Expanding on the study, PTES Grants Manager Nida Al-Fulaij said: “This latest breakthrough provides conservationists with an additional weapon in the global fight against amphibian chytridiomycosis. We’re pleased to be supporting this vital work as part of our wider mission to conserve vulnerable wildlife in the UK and beyond.”
Notes to Editors
‘In-situ itraconazole treatment improves survival rate during an amphibian chytridiomycosis epidemic’
The Zoological Society of London (ZSL)
Founded in 1826, the Zoological Society of London (ZSL) is an international scientific, conservation and educational charity whose mission is to promote and achieve the worldwide conservation of animals and their habitats. Our mission is realised through our ground-breaking science, our active conservation projects in more than 50 countries and our two Zoos, ZSL London Zoo and ZSL Whipsnade Zoo. For more information visit www.zsl.org
ZSL and chytrid
The Zoological Society of London (ZSL) is at the forefront of conservation science efforts worldwide to find workable solutions to the global chytrid outbreak. The disease, and its role as a significant driver in amphibian declines worldwide, was first identified by a scientist from ZSL’s Institute of Zoology (IoZ) who, in his role as Chair of the Diseases Working Group of the IUCN Declining Amphibian Populations Task Force, brought together researchers working on amphibian declines in the UK, Australia and the USA. Since this initial discovery, ZSL scientists have continued to play a leading role in combatting the disease through basic and applied research, from understanding how different amphibian species interact with the fungus to the development of practical conservation measures, including in situ disease mitigation. Most recently, a paper published in November 2015 described how an international team led by ZSL researchers succeeded in eliminating chytrid from a population of Mallorcan midwife toads (Alytes muletensis) through the combination of antifungal treatment of animals bought into captivity and environmental disinfection – the first time such a success had been achieved.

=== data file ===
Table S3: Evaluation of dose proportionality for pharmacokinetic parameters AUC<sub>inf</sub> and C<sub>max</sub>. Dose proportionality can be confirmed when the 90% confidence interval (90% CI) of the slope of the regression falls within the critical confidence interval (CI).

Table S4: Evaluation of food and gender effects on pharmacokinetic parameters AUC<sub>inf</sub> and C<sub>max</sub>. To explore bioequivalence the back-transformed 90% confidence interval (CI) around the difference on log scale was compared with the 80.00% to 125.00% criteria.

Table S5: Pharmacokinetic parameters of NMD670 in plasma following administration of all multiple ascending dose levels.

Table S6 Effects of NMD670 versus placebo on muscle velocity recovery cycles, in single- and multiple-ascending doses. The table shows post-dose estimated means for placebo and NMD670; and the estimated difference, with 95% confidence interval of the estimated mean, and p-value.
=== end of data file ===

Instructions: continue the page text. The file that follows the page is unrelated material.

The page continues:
People’s Trust for Endangered Species (PTES)
PTES is a UK conservation charity created in 1977 to ensure a future for endangered species throughout the world. Working to protect some of our most threatened wildlife species and habitats, it provides practical conservation support through funding research and internships; providing grant-aid for world-wide and native mammals species conservation; supporting education, training and outreach programmes; and driving public participation via wildlife monitoring surveys, publications, campaigns and events. Priority species and habitats include hazel dormice, hedgehogs, water voles, noble chafer and stag beetles and traditional orchards and native woodlands.